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on 1 June 2013
Nyland’s book is a well presented introduction to this non-canonical gospel with a comparison of the Coptic and Greek versions alongside New Testament logia which cover the same topics, plus an in depth appendix for the justification of her translations of key words and phrases. Apart from notes regarding each lotion there is no overall theological discussion. There has been a renewed interest in this gospel, with a variety of theories being put forward as to its origins, its relationship with the canonical gospels, especially that of John, and this is a good volume to have for instant reference to the logia in Thomas. In her brief introduction Nyland favours early dates for the canonical gospels, which can slew the interpretation accepted by other theologians and biblical scholars. This may be based on her own evangelical beliefs. She also avoids getting into the ‘Gnosticism’ of Thomas, which is not apparent without it being assumed to be, indeed, Gnostic. I liked the book, but award it only 4 stars rather than 5, because of the limitation of the work. This is two-fold. Although Nyland stresses her own lexicographic academic background in Greek, she has had to start from scratch, presumably in Coptic — and there are differences between Indo-European and Hamitic languages. Secondly, I am not convinced totally by the historic interpretations of Koinē Greek through Classical Greek. Words are very flexibly interpreted by each generation and context — the uses of ‘wicked’ and ‘dry‘ in contemporary UK youth idiom are an example of this. The historical development and understanding of such words for ‘poor’ — ‘ptokhos’ and ‘penikhros’ — illuminate but do not necessarily convince, because language usage is interactive as a social and cultural coinage, not just as an inherited conceptualisation. With this proviso, I very much commend the book.
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on 29 January 2014
...you start with the film "Stigmata" and then if you're still curious you reach for this translation.
I wouldn't recommend to people that just want to find out about some secrets of the world. IT IS NOT another
Da Vinci code...
Gospel of Thomas is probably one of the most "attacked" sources. Why? Just beacuse it wasn't discovered by
one of "celebrities" in science and Christian studies therefore "celebrities" will call it: "nonsense", "rubbish", "heresy", "side product", "gnostic".
It basically tells original teachings of Christ which happened to exist in oral form for at about hundred years and then it was written down and printed.

not for beginners
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This Kindle book provides decent translations of the Gospel of Thomas from the Nag Hammadi library plus the equivalent fragments from the Oxyrhynchus papyri. Parallels from the Canonical gospels are given along with each logion.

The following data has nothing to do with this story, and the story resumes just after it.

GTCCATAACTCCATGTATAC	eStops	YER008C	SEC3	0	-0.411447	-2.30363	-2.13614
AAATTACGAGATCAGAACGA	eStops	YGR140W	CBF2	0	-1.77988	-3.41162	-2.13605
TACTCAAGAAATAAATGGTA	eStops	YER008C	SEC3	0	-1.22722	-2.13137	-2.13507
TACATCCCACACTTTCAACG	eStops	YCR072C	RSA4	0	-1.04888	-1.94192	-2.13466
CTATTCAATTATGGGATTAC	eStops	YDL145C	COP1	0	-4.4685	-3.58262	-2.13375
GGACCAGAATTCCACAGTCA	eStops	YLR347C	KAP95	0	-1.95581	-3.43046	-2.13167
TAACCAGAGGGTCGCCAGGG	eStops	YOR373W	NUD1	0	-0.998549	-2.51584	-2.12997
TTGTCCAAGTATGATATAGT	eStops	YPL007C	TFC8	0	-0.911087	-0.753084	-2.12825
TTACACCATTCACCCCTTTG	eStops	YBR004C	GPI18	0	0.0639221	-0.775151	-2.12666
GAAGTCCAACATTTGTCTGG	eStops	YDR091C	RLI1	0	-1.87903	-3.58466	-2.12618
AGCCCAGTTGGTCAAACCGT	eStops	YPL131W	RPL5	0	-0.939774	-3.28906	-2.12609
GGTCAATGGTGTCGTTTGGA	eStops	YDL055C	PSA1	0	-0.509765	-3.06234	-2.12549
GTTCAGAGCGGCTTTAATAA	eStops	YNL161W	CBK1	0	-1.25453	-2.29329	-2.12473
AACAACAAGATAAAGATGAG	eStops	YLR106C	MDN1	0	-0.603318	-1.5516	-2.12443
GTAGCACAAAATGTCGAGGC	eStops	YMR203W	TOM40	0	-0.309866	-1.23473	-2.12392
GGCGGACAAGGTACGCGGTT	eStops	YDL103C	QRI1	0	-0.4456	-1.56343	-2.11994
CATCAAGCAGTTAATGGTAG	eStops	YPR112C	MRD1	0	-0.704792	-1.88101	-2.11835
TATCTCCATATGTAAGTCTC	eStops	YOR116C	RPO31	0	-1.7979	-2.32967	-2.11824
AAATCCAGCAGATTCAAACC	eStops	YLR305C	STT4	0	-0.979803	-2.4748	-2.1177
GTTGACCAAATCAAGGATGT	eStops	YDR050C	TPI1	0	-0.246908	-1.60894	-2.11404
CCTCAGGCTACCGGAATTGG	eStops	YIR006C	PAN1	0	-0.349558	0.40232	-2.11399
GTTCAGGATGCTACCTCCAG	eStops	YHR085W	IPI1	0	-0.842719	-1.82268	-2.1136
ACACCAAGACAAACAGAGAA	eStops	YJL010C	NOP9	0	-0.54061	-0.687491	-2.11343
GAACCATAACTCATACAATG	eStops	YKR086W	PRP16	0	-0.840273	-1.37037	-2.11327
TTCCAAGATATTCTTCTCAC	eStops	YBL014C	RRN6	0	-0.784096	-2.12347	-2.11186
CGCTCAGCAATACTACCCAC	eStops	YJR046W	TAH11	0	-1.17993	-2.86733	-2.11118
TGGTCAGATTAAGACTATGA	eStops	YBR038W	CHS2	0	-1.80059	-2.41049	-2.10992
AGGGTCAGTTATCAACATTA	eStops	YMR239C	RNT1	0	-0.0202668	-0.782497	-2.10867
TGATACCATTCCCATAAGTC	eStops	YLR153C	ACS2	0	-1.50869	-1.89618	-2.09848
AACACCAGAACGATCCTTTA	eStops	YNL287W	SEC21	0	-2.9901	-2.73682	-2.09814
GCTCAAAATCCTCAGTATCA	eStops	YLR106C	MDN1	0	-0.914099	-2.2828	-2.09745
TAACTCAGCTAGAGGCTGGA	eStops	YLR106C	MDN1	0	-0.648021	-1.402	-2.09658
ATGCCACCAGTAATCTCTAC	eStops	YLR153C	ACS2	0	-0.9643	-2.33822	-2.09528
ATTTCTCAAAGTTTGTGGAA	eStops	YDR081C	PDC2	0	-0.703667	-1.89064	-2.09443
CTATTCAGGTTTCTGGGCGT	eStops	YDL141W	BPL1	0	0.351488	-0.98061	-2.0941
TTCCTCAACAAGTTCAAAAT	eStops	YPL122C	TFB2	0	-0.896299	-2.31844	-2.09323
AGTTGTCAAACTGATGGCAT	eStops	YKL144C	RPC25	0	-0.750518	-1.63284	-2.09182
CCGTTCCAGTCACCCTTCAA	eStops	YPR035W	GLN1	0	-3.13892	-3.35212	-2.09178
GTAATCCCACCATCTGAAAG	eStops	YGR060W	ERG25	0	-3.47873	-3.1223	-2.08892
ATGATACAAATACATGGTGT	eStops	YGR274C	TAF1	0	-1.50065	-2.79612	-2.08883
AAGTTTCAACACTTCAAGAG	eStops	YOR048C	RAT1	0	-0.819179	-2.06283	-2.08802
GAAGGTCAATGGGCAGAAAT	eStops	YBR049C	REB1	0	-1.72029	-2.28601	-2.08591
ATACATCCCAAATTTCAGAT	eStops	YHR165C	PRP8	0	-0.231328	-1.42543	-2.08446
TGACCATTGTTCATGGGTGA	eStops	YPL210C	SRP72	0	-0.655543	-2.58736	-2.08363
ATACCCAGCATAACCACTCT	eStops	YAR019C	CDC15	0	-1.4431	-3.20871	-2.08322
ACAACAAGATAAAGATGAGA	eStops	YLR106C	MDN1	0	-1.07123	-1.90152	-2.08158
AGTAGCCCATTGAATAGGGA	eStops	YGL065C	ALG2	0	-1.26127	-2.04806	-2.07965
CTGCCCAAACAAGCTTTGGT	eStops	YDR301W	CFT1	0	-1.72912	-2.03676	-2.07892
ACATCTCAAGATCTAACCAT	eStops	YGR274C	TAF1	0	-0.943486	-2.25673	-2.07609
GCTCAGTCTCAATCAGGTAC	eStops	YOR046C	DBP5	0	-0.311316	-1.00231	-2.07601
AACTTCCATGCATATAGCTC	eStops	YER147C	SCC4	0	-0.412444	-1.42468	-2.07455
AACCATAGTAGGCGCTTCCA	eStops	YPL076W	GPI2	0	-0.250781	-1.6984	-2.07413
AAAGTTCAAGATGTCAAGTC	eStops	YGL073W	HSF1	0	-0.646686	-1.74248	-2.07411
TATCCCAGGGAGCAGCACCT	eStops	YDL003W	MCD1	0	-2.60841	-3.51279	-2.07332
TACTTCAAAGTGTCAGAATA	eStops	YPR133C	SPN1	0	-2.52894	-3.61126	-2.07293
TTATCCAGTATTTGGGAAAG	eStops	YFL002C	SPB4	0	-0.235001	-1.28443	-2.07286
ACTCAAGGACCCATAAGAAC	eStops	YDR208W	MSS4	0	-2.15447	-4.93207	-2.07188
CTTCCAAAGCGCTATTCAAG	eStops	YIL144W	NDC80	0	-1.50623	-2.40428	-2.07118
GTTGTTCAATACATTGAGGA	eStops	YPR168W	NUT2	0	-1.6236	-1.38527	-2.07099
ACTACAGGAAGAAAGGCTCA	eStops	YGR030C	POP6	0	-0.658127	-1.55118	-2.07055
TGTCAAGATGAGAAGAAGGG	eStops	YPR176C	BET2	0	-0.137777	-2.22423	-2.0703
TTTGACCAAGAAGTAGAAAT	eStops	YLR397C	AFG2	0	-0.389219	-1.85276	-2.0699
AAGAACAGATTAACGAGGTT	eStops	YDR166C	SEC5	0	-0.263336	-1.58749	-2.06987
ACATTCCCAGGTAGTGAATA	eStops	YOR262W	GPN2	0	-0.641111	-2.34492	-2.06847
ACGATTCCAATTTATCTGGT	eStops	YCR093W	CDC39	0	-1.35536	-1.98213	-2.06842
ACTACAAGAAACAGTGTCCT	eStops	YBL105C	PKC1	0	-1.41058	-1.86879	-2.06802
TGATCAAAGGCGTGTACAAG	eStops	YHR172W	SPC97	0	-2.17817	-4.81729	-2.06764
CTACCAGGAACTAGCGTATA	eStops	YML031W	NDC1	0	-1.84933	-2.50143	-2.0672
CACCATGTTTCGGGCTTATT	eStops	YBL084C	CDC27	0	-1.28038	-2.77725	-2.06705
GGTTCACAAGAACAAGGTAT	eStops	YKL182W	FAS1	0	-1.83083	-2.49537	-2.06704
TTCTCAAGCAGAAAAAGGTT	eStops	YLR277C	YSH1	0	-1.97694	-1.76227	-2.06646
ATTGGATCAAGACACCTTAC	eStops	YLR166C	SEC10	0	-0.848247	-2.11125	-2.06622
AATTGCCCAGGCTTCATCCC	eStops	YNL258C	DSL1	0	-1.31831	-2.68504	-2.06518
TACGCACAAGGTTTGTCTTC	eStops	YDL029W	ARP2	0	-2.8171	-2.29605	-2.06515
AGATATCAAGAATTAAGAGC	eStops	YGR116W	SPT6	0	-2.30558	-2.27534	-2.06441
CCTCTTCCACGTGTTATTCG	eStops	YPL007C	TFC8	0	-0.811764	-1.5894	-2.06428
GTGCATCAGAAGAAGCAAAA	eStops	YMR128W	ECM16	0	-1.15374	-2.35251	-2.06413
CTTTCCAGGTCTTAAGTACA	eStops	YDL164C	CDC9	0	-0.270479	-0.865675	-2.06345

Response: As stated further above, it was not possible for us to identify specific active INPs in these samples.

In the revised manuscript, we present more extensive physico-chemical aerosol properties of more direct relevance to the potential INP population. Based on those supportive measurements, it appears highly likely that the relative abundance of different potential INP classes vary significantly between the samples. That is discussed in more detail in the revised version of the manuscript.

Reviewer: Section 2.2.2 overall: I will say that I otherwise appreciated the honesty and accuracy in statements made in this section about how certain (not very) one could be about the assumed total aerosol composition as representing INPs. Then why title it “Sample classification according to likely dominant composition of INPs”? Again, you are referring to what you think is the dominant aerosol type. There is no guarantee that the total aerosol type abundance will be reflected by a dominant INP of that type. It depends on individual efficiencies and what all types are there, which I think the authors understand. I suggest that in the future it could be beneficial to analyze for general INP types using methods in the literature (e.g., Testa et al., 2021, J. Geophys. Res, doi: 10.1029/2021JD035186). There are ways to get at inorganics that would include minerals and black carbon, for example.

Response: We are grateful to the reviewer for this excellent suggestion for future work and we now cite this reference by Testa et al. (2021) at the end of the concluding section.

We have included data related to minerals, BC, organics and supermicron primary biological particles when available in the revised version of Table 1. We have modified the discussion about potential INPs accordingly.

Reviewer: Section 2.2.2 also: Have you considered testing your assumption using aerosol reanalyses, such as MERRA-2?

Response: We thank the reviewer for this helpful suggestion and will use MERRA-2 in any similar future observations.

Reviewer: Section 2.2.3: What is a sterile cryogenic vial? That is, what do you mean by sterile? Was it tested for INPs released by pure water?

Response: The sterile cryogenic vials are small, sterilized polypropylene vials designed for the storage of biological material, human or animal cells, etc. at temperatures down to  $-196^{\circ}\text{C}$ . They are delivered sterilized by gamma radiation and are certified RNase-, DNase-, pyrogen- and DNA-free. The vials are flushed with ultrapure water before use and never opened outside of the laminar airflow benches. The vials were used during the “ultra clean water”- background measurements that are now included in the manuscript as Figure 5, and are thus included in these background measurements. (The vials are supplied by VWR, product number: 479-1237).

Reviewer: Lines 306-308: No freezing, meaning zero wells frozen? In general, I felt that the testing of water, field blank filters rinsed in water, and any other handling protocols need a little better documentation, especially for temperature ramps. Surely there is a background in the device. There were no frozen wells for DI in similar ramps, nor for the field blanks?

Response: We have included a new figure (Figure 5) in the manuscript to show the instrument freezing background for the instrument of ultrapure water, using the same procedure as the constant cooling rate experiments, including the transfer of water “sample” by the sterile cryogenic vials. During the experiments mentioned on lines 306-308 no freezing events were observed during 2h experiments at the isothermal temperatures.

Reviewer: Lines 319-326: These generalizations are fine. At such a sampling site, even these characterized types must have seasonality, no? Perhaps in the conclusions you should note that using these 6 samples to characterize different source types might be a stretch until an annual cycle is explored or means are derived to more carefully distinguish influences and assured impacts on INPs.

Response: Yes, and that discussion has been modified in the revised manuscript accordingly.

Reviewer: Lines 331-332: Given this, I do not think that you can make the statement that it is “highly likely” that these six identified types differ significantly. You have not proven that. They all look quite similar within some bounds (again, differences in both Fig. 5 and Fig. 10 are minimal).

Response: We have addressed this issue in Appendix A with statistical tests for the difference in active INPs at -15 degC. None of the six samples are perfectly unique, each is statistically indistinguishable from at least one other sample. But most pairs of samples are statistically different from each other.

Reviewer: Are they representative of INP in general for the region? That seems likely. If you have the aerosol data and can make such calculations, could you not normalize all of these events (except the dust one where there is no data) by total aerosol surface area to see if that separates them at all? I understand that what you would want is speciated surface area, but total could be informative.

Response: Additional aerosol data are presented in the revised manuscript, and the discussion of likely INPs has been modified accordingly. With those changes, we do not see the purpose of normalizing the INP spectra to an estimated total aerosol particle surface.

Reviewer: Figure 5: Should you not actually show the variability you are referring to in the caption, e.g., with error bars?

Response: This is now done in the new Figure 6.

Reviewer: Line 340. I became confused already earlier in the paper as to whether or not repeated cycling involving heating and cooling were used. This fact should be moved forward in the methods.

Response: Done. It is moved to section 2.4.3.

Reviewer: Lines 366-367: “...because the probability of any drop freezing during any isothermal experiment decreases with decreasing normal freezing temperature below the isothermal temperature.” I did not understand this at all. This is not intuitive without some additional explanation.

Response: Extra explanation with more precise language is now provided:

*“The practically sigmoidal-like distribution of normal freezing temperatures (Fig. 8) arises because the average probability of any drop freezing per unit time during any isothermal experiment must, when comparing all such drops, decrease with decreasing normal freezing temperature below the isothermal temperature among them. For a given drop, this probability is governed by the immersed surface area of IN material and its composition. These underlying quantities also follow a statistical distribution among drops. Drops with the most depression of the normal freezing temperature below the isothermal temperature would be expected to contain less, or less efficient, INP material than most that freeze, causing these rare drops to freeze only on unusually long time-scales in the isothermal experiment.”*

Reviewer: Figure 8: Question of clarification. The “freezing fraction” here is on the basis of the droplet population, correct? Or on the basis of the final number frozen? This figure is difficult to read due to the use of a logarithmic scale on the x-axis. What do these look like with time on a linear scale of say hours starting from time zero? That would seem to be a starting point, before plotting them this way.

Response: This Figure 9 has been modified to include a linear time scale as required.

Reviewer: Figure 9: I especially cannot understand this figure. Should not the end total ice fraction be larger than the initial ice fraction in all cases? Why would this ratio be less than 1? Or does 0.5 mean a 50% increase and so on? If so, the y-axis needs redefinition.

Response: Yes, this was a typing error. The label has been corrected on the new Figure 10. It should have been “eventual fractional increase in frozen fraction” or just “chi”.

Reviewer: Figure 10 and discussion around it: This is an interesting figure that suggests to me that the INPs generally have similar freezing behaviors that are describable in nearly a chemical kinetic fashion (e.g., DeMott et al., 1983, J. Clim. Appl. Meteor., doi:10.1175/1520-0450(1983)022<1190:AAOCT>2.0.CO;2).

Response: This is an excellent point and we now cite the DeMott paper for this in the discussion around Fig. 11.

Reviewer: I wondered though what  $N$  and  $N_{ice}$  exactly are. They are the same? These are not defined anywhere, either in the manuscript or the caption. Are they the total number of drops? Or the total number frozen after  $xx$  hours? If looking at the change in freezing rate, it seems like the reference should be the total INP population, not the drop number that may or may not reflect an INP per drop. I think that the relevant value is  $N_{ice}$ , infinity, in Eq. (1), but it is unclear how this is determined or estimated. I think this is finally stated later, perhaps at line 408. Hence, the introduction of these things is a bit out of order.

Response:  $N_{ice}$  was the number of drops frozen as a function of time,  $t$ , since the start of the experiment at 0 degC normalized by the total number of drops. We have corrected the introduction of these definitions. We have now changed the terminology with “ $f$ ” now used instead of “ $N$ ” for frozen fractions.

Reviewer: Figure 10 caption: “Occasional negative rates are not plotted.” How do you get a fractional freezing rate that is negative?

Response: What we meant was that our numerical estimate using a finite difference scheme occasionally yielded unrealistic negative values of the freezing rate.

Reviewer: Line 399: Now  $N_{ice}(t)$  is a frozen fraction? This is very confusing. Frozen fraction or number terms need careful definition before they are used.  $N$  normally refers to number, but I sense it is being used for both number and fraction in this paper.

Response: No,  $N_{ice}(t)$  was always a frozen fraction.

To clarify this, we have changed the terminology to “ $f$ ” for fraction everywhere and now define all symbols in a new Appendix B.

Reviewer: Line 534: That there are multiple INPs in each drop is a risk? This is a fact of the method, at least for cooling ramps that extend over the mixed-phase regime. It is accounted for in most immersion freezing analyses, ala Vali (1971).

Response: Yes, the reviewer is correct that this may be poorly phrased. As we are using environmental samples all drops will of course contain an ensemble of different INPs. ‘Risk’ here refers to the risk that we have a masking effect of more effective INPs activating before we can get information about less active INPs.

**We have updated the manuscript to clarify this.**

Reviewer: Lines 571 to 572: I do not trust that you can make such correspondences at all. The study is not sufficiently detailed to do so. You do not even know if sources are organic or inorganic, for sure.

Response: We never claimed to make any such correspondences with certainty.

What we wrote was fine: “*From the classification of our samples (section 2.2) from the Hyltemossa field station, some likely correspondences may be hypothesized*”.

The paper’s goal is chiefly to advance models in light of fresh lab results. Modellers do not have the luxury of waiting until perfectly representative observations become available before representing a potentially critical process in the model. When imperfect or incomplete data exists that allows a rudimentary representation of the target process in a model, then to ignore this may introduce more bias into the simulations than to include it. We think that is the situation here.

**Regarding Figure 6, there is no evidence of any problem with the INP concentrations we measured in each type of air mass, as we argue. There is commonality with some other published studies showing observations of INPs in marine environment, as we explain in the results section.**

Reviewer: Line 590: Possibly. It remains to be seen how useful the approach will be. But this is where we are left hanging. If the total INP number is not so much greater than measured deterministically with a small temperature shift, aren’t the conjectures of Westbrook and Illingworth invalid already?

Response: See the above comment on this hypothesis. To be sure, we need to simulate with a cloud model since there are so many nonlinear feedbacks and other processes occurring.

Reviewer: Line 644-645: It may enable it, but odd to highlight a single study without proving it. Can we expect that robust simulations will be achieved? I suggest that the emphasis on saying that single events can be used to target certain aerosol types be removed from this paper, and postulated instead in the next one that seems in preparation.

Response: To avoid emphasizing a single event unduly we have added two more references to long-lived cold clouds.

An introduction considers the approach to the translations, a slightly out of place criticism of public domain publishing (the subtext here appears to be the implication that Dr Nyland's translation is vastly superior to anything else you will find in the public domain), the manuscripts of the Gospel of Thomas, the dating of the Gospel and a discussion of the name 'Thomas'. There is no commentary provided; the end notes which are hyperlinked via superscripts in the text discuss various points of word meaning and translation.

The translation itself can often be seemingly unnecessarily pedantic - for example Dr Nyland insists on translating the Coptic 'tipe' in Logion 1 as 'experience' rather than the usual 'taste' given everywhere else, asserting that it only has the latter meaning when used in relation to food (in my albeit admittedly short Coptic dictionary 'tipe' is given only the meaning 'taste' and nothing else).

Such insistence on accuracy is a bit at odds with the practice elsewhere of bowdlerisation, such as translating 'Son of Man' via the politically correct gender neutral 'Human Being' - the endnote discussion engineering this PC variant is slightly unconvincing and inexplicably claims that the Koine 'anthropos' is 'grammatically common gender'.

Despite such points this is a rather decent translation, great value and I'll certainly make a lot of use of it.
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on 29 December 2013
This book is OK not quite what I thought it would be, but was interesting in parts, but it makes a good book shelf item to back up other Books I have
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on 7 June 2014
Very interesting read,as a Catholic it opened up my mind and has made me review a few things.Thank you so much
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on 18 February 2015
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